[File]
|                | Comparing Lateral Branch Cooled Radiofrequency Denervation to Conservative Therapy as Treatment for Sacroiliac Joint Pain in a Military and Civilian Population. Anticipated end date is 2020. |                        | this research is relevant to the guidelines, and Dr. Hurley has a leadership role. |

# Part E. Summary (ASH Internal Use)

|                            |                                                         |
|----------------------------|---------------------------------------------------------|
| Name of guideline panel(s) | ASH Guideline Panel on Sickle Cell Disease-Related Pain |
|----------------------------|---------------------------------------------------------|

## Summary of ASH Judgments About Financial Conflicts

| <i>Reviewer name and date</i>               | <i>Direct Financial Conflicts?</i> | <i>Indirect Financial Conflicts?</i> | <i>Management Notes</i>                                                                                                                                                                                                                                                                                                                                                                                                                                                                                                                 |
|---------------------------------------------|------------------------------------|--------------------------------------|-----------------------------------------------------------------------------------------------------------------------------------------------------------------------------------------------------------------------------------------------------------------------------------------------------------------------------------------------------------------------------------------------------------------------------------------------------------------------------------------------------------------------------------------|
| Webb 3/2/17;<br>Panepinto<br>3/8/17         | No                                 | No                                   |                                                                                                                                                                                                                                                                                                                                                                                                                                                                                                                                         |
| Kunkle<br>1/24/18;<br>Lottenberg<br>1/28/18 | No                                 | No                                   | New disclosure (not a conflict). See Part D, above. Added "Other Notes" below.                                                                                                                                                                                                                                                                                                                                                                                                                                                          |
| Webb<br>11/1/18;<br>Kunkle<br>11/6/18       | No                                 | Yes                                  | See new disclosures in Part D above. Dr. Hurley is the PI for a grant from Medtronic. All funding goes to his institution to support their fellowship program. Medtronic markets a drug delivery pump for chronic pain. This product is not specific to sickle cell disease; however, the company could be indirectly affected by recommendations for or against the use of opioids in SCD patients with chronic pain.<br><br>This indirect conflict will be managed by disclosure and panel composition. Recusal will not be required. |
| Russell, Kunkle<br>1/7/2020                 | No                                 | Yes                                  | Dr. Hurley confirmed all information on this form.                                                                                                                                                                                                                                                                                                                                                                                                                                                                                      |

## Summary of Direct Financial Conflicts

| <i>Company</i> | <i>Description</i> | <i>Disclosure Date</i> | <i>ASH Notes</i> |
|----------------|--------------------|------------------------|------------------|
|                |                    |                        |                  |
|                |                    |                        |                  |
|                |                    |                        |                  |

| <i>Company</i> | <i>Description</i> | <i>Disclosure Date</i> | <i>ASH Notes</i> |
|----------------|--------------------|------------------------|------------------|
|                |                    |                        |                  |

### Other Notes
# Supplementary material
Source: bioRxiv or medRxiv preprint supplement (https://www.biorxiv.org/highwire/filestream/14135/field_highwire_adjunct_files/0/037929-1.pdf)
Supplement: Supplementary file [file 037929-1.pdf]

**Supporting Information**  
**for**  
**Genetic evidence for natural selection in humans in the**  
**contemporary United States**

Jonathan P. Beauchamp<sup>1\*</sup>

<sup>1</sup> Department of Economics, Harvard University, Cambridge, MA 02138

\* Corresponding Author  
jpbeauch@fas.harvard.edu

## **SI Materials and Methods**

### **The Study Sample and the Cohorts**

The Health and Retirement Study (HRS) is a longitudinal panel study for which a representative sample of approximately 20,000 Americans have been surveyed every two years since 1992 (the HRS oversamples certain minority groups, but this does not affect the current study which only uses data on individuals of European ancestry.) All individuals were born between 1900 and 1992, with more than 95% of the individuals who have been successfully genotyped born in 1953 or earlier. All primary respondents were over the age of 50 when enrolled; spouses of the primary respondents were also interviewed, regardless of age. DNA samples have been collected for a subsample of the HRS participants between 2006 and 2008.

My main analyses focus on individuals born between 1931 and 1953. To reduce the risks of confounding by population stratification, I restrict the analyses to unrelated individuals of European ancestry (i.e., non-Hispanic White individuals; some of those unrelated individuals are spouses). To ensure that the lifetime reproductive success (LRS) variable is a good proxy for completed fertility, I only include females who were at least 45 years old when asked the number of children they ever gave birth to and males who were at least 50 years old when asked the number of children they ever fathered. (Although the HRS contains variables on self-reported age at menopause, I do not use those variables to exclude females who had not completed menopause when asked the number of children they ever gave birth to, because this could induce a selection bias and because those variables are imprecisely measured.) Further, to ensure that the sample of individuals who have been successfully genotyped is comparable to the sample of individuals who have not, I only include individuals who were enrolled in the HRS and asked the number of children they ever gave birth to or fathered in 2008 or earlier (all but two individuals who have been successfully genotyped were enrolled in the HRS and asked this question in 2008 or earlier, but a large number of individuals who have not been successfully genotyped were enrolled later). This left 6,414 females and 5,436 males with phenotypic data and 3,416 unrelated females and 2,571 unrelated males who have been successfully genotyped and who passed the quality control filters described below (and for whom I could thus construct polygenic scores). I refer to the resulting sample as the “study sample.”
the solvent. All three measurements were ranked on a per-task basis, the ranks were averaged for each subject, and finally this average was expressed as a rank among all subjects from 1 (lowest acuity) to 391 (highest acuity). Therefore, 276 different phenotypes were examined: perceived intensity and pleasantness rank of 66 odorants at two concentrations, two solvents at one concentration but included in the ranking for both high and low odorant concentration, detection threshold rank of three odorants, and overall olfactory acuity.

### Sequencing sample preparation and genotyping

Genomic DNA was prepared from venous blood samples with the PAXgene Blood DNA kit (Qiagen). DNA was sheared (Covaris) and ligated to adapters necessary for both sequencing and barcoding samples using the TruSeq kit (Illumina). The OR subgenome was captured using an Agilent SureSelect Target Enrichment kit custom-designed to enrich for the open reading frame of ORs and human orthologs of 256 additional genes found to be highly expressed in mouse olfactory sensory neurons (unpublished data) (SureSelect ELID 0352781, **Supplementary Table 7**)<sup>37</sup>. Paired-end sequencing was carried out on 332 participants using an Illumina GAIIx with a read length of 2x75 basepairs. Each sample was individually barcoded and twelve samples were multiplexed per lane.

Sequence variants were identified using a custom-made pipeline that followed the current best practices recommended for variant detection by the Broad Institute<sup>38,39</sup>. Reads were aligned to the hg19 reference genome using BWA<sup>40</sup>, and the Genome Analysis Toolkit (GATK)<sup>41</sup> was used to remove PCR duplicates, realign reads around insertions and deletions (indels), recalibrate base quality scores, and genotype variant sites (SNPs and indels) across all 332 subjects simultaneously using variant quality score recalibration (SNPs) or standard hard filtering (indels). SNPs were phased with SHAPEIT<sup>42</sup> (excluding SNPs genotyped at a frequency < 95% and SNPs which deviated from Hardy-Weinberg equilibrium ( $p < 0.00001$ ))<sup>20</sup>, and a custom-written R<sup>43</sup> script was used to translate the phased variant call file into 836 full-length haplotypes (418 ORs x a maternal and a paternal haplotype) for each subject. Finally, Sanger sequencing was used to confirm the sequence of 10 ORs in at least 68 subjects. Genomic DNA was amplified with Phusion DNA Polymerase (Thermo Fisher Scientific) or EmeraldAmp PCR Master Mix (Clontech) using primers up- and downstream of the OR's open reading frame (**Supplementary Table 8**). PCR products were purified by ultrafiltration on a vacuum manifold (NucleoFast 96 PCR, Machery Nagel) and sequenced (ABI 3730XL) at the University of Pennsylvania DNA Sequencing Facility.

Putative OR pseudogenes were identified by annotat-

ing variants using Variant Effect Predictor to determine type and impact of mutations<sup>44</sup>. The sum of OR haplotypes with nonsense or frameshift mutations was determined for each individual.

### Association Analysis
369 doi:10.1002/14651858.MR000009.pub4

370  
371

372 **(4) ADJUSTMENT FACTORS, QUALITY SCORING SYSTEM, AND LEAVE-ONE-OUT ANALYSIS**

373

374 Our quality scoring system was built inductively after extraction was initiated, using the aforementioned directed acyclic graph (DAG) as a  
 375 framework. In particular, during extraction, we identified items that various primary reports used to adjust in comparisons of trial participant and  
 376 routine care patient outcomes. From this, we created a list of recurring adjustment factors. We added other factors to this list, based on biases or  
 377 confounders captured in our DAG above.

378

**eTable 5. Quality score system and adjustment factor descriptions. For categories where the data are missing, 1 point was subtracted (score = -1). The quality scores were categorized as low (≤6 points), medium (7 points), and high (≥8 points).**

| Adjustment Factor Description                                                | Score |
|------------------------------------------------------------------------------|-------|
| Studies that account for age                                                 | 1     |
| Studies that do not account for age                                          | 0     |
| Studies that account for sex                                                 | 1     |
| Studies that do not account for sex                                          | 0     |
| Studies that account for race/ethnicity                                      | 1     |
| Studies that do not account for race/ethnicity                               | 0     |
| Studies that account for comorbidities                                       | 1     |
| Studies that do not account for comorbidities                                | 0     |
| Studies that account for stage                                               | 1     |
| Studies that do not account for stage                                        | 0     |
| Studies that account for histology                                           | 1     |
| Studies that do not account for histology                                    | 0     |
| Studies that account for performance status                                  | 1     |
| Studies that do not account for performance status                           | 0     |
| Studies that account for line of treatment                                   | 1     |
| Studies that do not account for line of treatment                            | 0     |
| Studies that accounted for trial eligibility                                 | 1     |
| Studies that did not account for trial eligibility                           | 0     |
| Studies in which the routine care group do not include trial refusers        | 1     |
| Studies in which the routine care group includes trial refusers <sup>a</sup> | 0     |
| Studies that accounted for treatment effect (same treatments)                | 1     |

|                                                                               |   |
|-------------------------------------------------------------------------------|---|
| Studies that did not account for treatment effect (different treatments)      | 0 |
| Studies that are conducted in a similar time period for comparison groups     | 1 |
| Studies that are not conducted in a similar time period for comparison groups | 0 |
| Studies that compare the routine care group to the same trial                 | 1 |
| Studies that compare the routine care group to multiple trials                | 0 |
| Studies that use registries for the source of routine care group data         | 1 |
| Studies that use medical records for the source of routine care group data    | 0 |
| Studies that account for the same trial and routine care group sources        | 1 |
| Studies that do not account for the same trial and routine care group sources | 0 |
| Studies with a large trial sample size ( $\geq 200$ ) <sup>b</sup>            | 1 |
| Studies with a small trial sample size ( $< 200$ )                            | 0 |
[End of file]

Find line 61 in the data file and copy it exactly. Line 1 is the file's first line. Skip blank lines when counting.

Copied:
| Studies that account for sex                                                 | 1     |